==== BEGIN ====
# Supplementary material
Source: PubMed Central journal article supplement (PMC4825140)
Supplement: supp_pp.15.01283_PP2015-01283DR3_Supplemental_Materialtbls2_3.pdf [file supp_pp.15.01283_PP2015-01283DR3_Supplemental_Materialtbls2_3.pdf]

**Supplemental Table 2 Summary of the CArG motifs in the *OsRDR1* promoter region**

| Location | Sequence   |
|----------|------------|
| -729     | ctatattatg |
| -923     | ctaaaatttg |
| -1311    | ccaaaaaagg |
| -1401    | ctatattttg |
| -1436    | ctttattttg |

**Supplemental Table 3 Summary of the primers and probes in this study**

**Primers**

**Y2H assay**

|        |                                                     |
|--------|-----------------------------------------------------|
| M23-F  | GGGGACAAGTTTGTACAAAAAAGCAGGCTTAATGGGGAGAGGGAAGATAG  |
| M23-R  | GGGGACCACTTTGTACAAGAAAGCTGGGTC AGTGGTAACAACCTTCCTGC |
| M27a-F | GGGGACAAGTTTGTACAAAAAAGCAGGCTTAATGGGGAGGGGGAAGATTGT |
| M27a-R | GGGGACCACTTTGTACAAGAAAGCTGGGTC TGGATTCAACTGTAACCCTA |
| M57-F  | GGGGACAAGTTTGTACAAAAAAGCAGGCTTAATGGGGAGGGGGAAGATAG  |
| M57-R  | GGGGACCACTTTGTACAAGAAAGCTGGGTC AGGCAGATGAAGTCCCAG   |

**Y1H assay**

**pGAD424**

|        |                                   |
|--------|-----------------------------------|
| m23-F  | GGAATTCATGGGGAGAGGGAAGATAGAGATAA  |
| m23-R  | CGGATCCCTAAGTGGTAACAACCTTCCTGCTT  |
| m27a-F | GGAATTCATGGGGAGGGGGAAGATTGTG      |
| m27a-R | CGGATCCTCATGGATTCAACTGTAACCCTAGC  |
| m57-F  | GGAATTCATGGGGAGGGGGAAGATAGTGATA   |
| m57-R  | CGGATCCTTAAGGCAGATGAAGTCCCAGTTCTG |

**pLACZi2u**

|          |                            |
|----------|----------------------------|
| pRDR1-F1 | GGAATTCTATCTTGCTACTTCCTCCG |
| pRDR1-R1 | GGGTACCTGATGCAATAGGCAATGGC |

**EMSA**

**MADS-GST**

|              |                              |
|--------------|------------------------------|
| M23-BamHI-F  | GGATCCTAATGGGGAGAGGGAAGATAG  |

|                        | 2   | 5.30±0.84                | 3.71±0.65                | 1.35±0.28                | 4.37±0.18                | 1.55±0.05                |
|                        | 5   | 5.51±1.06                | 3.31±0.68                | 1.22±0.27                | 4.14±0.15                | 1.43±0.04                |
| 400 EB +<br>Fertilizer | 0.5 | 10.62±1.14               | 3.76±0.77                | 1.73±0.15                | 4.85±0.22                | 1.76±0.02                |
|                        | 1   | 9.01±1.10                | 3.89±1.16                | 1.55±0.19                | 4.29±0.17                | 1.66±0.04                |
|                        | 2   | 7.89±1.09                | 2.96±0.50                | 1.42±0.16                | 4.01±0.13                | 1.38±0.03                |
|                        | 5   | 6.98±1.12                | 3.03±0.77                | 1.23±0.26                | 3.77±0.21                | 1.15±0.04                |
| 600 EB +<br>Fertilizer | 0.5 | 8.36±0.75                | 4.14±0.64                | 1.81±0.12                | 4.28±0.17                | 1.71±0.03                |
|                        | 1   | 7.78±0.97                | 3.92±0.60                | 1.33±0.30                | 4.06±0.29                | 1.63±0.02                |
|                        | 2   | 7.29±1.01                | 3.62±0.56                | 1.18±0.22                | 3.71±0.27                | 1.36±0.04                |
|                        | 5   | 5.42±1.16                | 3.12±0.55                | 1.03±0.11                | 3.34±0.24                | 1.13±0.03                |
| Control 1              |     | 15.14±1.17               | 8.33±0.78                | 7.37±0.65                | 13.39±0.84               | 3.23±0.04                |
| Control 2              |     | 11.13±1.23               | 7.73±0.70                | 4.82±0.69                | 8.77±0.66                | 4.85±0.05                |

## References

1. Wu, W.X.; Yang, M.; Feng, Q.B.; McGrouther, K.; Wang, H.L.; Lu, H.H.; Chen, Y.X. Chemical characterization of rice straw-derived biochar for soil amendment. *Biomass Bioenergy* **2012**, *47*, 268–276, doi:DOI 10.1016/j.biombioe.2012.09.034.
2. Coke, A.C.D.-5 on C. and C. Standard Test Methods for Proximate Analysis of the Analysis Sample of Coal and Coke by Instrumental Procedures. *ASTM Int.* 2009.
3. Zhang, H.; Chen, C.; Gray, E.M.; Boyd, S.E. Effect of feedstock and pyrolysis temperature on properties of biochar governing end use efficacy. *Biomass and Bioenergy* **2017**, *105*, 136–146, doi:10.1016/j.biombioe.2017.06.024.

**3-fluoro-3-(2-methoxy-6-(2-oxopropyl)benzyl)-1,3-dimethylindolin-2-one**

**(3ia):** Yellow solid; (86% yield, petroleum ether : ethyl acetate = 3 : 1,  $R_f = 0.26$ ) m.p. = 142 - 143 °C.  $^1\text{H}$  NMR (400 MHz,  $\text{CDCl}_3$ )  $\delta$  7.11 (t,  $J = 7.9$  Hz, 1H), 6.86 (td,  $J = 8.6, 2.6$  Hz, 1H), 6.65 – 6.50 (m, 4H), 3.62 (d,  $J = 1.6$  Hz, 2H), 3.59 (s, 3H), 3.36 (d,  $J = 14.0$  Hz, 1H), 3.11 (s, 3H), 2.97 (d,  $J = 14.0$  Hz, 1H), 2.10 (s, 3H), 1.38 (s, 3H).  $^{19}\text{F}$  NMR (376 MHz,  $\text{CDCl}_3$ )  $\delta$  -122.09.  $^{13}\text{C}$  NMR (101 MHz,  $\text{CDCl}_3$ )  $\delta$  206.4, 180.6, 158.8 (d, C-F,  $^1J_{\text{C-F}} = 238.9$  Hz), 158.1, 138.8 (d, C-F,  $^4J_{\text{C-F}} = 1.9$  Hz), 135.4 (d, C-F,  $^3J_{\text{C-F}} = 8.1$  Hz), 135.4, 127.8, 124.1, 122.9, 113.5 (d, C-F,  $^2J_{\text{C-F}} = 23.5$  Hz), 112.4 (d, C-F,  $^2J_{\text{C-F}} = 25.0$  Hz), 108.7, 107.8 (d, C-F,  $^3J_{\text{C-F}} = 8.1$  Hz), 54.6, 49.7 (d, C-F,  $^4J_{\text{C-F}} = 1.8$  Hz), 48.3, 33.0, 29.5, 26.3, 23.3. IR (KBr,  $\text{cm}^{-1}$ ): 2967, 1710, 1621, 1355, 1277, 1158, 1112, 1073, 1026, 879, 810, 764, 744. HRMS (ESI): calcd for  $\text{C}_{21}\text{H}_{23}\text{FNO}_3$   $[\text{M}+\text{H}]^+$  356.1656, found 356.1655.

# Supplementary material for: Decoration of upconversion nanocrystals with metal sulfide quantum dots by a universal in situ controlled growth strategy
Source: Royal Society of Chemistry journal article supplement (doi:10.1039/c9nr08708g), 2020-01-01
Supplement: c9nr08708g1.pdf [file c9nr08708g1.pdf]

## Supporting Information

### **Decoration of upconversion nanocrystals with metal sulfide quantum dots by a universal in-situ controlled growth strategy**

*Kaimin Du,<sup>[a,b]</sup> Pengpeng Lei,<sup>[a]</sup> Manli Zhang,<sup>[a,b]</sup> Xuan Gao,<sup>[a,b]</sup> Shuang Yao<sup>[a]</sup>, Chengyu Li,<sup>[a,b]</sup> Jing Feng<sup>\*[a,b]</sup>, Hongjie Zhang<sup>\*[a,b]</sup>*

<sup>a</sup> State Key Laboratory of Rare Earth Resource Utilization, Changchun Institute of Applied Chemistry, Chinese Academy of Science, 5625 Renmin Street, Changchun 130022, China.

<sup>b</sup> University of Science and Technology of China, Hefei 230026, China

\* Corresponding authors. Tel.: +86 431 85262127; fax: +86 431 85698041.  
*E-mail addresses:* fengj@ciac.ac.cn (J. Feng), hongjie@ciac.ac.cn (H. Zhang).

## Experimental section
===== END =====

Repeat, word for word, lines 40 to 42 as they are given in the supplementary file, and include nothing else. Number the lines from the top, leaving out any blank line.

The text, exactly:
|              |                              |
|--------------|------------------------------|
| M23-BamHI-F  | GGATCCTAATGGGGAGAGGGAAGATAG  |